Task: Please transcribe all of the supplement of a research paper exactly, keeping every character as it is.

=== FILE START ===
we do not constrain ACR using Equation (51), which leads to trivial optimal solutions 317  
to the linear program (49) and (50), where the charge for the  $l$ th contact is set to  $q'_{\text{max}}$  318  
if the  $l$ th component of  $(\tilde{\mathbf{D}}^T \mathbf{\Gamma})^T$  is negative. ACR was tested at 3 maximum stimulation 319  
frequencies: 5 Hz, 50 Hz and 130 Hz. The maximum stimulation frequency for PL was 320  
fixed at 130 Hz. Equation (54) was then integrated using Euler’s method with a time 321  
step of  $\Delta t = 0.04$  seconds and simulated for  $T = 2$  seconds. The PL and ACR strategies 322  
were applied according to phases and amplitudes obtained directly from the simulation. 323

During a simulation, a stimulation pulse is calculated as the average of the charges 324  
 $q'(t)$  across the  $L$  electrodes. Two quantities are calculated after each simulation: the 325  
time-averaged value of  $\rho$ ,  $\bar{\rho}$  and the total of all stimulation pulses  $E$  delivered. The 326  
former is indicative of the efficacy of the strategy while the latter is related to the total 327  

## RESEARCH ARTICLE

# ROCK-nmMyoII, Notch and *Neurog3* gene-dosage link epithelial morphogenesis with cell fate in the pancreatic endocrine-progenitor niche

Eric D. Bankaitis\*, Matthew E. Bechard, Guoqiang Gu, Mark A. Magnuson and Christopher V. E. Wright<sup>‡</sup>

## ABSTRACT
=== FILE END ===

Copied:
we do not constrain ACR using Equation (51), which leads to trivial optimal solutions 317  
to the linear program (49) and (50), where the charge for the  $l$ th contact is set to  $q'_{\text{max}}$  318  
if the  $l$ th component of  $(\tilde{\mathbf{D}}^T \mathbf{\Gamma})^T$  is negative. ACR was tested at 3 maximum stimulation 319  
frequencies: 5 Hz, 50 Hz and 130 Hz. The maximum stimulation frequency for PL was 320  
fixed at 130 Hz. Equation (54) was then integrated using Euler’s method with a time 321  
step of  $\Delta t = 0.04$  seconds and simulated for  $T = 2$  seconds. The PL and ACR strategies 322  
were applied according to phases and amplitudes obtained directly from the simulation. 323

During a simulation, a stimulation pulse is calculated as the average of the charges 324  
 $q'(t)$  across the  $L$  electrodes. Two quantities are calculated after each simulation: the 325  
time-averaged value of  $\rho$ ,  $\bar{\rho}$  and the total of all stimulation pulses  $E$  delivered. The 326  
former is indicative of the efficacy of the strategy while the latter is related to the total 327  

## RESEARCH ARTICLE

# ROCK-nmMyoII, Notch and *Neurog3* gene-dosage link epithelial morphogenesis with cell fate in the pancreatic endocrine-progenitor niche

Eric D. Bankaitis\*, Matthew E. Bechard, Guoqiang Gu, Mark A. Magnuson and Christopher V. E. Wright<sup>‡</sup>

## ABSTRACT